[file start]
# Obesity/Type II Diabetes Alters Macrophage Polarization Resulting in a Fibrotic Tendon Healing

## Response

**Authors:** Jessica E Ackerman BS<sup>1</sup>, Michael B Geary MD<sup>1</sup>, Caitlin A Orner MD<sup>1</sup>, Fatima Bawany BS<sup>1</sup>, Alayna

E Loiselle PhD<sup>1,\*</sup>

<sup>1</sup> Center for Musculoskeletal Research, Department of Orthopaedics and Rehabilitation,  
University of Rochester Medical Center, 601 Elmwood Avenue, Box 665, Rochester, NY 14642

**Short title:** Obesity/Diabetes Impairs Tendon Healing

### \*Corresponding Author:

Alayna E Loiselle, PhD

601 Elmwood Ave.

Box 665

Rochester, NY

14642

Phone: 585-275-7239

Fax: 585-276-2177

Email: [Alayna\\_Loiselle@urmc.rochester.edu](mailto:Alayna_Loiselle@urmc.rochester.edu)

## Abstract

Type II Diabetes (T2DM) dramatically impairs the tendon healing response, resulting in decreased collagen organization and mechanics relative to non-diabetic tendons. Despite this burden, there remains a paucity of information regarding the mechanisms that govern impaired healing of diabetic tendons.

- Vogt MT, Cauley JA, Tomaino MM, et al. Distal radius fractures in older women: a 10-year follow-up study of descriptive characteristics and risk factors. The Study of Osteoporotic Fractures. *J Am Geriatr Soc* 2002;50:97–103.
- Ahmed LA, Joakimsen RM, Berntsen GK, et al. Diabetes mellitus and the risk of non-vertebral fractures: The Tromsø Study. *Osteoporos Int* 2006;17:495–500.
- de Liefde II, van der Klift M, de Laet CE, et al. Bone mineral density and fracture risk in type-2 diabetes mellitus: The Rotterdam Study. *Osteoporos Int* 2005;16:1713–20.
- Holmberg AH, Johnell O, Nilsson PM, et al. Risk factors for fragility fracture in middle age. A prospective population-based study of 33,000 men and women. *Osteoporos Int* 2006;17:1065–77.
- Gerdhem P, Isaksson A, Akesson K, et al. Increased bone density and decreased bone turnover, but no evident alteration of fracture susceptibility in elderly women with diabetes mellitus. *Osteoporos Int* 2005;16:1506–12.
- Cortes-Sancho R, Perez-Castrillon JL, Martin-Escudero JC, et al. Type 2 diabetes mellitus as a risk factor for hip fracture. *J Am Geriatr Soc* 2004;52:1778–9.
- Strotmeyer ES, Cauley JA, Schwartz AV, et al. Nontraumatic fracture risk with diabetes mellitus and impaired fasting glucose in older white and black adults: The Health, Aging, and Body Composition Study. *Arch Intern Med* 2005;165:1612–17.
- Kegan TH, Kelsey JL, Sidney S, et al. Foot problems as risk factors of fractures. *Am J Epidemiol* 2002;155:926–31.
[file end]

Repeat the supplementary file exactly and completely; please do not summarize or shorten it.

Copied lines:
# Obesity/Type II Diabetes Alters Macrophage Polarization Resulting in a Fibrotic Tendon Healing

## Response

**Authors:** Jessica E Ackerman BS<sup>1</sup>, Michael B Geary MD<sup>1</sup>, Caitlin A Orner MD<sup>1</sup>, Fatima Bawany BS<sup>1</sup>, Alayna

E Loiselle PhD<sup>1,\*</sup>

<sup>1</sup> Center for Musculoskeletal Research, Department of Orthopaedics and Rehabilitation,  
University of Rochester Medical Center, 601 Elmwood Avenue, Box 665, Rochester, NY 14642

**Short title:** Obesity/Diabetes Impairs Tendon Healing

### \*Corresponding Author:

Alayna E Loiselle, PhD

601 Elmwood Ave.

Box 665

Rochester, NY

14642

Phone: 585-275-7239

Fax: 585-276-2177

Email: [Alayna\\_Loiselle@urmc.rochester.edu](mailto:Alayna_Loiselle@urmc.rochester.edu)

## Abstract

Type II Diabetes (T2DM) dramatically impairs the tendon healing response, resulting in decreased collagen organization and mechanics relative to non-diabetic tendons. Despite this burden, there remains a paucity of information regarding the mechanisms that govern impaired healing of diabetic tendons.

- Vogt MT, Cauley JA, Tomaino MM, et al. Distal radius fractures in older women: a 10-year follow-up study of descriptive characteristics and risk factors. The Study of Osteoporotic Fractures. *J Am Geriatr Soc* 2002;50:97–103.
- Ahmed LA, Joakimsen RM, Berntsen GK, et al. Diabetes mellitus and the risk of non-vertebral fractures: The Tromsø Study. *Osteoporos Int* 2006;17:495–500.
- de Liefde II, van der Klift M, de Laet CE, et al. Bone mineral density and fracture risk in type-2 diabetes mellitus: The Rotterdam Study. *Osteoporos Int* 2005;16:1713–20.
- Holmberg AH, Johnell O, Nilsson PM, et al. Risk factors for fragility fracture in middle age. A prospective population-based study of 33,000 men and women. *Osteoporos Int* 2006;17:1065–77.
- Gerdhem P, Isaksson A, Akesson K, et al. Increased bone density and decreased bone turnover, but no evident alteration of fracture susceptibility in elderly women with diabetes mellitus. *Osteoporos Int* 2005;16:1506–12.
- Cortes-Sancho R, Perez-Castrillon JL, Martin-Escudero JC, et al. Type 2 diabetes mellitus as a risk factor for hip fracture. *J Am Geriatr Soc* 2004;52:1778–9.
- Strotmeyer ES, Cauley JA, Schwartz AV, et al. Nontraumatic fracture risk with diabetes mellitus and impaired fasting glucose in older white and black adults: The Health, Aging, and Body Composition Study. *Arch Intern Med* 2005;165:1612–17.
- Kegan TH, Kelsey JL, Sidney S, et al. Foot problems as risk factors of fractures. *Am J Epidemiol* 2002;155:926–31.